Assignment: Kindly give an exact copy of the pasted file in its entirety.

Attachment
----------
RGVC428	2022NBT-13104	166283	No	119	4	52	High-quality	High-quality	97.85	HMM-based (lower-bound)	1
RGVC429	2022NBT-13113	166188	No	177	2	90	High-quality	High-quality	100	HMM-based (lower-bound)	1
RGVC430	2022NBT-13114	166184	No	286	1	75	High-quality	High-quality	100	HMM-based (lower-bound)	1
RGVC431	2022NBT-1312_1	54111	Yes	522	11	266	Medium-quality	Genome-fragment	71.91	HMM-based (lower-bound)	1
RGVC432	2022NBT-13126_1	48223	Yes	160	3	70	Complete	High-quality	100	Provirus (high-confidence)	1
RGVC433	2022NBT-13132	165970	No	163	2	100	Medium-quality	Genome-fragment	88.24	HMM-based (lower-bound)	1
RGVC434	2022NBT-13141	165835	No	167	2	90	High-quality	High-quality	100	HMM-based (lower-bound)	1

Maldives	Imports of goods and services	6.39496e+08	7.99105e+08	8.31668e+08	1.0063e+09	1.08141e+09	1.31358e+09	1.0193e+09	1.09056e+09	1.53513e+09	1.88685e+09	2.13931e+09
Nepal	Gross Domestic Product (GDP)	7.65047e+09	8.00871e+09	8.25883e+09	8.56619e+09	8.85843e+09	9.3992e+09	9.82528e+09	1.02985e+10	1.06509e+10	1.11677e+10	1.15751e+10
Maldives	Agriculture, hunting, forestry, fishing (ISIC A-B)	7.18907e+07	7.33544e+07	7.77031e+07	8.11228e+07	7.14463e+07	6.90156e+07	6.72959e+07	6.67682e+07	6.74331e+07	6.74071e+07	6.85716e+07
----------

RGVC428	2022NBT-13104	166283	No	119	4	52	High-quality	High-quality	97.85	HMM-based (lower-bound)	1
RGVC429	2022NBT-13113	166188	No	177	2	90	High-quality	High-quality	100	HMM-based (lower-bound)	1
RGVC430	2022NBT-13114	166184	No	286	1	75	High-quality	High-quality	100	HMM-based (lower-bound)	1
RGVC431	2022NBT-1312_1	54111	Yes	522	11	266	Medium-quality	Genome-fragment	71.91	HMM-based (lower-bound)	1
RGVC432	2022NBT-13126_1	48223	Yes	160	3	70	Complete	High-quality	100	Provirus (high-confidence)	1
RGVC433	2022NBT-13132	165970	No	163	2	100	Medium-quality	Genome-fragment	88.24	HMM-based (lower-bound)	1
RGVC434	2022NBT-13141	165835	No	167	2	90	High-quality	High-quality	100	HMM-based (lower-bound)	1

Maldives	Imports of goods and services	6.39496e+08	7.99105e+08	8.31668e+08	1.0063e+09	1.08141e+09	1.31358e+09	1.0193e+09	1.09056e+09	1.53513e+09	1.88685e+09	2.13931e+09
Nepal	Gross Domestic Product (GDP)	7.65047e+09	8.00871e+09	8.25883e+09	8.56619e+09	8.85843e+09	9.3992e+09	9.82528e+09	1.02985e+10	1.06509e+10	1.11677e+10	1.15751e+10
Maldives	Agriculture, hunting, forestry, fishing (ISIC A-B)	7.18907e+07	7.33544e+07	7.77031e+07	8.11228e+07	7.14463e+07	6.90156e+07	6.72959e+07	6.67682e+07	6.74331e+07	6.74071e+07	6.85716e+07